When you are a principal, you are now exposed to these things for an entire student body, not just one classroom. Now every Department of Child Services report comes through your office. Every custody dispute is brought to your attention. You are often notified if a family member passes away. I am sure everyone handles this a little differently. It is one of the hardest parts of being a principal.

You Will Hurt People’s Feelings

Telling people that they did something wrong is just part of being a supervisor at any level. Even if you are considerate of a person’s feelings, some people react strongly to constructive criticism. It is best to just speak honestly. Too much sugarcoating will dilute your message, while speaking too strongly is unnecessary in almost all cases.

Most Parents Only Want to Be Heard

Parents call about big things and little things. Sometimes they want to talk for a minute, and sometimes they want to talk for an hour. The thing that I have learned is that almost all of them just want to be heard. They are not even going to necessarily ask you to do anything. I say hear them out, be honest and transparent, and make time to have these conversations.

Andrew HawkAndrew Hawk has worked in public education for eighteen years. He started as a teaching assistant in a special education classroom. He completed his bachelor’s degree in elementary education at Indiana University East in Richmond, Indiana. Andrew has taught first, second, and fifth grades as a classroom teacher. In 2011, he earned his master’s degree in special education from Western Governor’s University. Andrew has worked as a resource room teacher and also has taught in a self-contained classroom for students on the autism spectrum. In 2017, he earned a master’s degree in educational leadership, also from Western Governor’s University. This is Andrew’s first year as a building principal. He is the principal of an elementary school that houses kindergarten through fifth grades. When Andrew is not preparing for school, he enjoys spending time with this wife and two daughters.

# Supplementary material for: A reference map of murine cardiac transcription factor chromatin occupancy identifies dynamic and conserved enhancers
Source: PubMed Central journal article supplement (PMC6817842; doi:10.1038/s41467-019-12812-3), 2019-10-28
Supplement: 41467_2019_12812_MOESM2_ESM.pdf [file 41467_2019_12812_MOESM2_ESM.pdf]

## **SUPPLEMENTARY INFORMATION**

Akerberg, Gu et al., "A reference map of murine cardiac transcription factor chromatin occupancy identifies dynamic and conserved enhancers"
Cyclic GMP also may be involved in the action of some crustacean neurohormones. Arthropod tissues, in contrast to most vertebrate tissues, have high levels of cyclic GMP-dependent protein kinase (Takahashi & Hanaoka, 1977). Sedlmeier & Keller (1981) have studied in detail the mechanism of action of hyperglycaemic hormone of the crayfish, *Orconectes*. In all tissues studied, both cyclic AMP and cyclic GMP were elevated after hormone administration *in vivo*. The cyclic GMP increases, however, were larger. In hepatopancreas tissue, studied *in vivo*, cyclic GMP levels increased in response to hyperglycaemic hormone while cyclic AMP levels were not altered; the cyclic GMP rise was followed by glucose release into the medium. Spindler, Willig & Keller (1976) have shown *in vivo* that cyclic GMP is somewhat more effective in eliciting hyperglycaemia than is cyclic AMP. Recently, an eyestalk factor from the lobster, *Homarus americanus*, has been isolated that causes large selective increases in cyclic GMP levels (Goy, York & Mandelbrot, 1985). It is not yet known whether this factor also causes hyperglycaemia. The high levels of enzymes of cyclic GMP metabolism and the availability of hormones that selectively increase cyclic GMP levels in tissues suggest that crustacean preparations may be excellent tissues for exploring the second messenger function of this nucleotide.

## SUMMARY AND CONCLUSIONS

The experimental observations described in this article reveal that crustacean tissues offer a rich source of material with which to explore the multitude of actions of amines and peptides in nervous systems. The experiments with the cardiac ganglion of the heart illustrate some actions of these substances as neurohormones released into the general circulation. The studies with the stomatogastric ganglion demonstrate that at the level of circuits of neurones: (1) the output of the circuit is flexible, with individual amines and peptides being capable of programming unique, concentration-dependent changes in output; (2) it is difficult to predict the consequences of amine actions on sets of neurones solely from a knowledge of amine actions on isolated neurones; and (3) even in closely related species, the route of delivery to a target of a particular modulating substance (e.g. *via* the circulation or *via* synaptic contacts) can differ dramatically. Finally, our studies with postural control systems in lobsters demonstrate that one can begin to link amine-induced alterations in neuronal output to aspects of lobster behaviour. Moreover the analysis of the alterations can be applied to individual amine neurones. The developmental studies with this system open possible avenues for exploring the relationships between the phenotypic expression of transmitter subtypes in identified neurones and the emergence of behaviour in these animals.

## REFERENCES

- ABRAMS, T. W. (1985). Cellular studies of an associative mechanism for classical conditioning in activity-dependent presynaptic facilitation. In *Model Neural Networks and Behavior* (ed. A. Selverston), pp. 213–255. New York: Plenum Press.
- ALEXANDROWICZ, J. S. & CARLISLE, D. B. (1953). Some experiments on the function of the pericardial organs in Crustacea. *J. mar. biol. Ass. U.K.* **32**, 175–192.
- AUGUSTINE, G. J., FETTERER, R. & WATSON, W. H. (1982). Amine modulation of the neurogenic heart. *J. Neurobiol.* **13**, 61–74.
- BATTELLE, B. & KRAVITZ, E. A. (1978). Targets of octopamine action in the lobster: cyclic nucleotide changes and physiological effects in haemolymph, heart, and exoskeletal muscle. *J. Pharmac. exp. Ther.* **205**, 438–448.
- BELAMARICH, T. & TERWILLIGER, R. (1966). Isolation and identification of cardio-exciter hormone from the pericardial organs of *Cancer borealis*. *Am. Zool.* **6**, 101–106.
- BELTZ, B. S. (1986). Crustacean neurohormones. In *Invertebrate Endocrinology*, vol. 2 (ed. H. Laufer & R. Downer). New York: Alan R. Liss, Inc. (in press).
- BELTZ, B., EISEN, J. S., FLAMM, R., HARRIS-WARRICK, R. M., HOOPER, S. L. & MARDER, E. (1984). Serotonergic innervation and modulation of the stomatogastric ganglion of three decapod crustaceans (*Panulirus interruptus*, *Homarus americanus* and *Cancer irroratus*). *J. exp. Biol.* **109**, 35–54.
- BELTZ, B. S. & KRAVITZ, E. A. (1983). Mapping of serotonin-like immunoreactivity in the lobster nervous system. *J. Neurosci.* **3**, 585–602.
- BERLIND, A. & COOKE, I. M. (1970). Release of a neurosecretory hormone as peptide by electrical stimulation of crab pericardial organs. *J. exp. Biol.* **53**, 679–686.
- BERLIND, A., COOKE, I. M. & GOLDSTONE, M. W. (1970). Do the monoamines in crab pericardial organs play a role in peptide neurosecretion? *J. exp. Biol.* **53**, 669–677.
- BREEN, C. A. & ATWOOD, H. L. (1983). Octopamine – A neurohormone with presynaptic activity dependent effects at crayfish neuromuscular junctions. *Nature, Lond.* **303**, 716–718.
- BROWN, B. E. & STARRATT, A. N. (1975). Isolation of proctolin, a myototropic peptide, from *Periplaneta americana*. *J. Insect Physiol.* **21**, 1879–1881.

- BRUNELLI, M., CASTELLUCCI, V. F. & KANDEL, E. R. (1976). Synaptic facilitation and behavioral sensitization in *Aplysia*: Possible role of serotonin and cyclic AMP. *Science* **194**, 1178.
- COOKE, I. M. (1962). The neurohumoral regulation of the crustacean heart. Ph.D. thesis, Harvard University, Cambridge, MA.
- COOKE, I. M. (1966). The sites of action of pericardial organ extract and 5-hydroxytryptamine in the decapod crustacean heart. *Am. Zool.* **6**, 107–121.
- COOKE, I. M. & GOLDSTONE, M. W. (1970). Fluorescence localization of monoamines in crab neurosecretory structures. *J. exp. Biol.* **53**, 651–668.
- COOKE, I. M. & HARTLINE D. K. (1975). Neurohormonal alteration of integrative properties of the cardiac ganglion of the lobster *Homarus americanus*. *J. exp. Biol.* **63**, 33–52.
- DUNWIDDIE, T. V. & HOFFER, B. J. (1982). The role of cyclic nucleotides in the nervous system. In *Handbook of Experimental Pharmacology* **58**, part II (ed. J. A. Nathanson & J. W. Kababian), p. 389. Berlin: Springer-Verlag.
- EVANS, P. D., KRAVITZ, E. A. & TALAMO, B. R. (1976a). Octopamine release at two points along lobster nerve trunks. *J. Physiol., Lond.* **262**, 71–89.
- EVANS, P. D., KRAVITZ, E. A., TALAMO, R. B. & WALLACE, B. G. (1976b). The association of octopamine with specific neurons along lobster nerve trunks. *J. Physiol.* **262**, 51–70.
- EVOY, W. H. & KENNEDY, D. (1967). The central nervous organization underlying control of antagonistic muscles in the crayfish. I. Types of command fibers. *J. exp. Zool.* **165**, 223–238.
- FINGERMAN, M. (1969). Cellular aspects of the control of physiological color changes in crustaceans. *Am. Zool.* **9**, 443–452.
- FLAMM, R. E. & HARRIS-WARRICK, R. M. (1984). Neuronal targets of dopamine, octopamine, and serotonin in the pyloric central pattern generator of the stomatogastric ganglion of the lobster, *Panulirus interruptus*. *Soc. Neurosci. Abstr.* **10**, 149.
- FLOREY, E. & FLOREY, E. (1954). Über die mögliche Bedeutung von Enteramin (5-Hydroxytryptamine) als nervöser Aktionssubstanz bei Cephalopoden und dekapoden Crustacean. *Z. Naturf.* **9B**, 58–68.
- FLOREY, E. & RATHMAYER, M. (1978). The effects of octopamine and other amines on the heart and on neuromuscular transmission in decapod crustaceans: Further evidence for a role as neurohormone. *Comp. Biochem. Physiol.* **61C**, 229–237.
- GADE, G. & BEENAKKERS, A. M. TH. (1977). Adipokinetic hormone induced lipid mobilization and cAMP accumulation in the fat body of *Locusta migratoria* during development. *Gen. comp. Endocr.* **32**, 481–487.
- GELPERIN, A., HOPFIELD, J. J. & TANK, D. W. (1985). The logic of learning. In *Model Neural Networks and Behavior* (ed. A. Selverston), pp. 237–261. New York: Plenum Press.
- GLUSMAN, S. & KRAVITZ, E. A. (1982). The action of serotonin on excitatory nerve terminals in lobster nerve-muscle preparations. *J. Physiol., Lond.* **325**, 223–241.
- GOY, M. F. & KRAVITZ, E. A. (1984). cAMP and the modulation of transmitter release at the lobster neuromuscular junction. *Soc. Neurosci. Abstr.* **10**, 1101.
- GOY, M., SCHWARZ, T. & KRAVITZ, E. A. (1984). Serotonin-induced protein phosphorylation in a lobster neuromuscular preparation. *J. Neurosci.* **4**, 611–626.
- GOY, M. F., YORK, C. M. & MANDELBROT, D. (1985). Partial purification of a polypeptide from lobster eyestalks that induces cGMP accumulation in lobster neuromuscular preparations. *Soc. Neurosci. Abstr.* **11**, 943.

We welcome your comments and suggestions. Share your comments, stories, and ideas below, or contact us. All comments will be approved before posting, and are subject to our comment and privacy policies.

FSP Springybook Signature(c)© 2019 by Free Spirit Publishing. All rights reserved. The view expressed in this post represent the opinion of the author and not necessarily Free Spirit Publishing.

This entry was posted in Administrators, Elementary Angle and tagged , . Bookmark the permalink.

Leave a Reply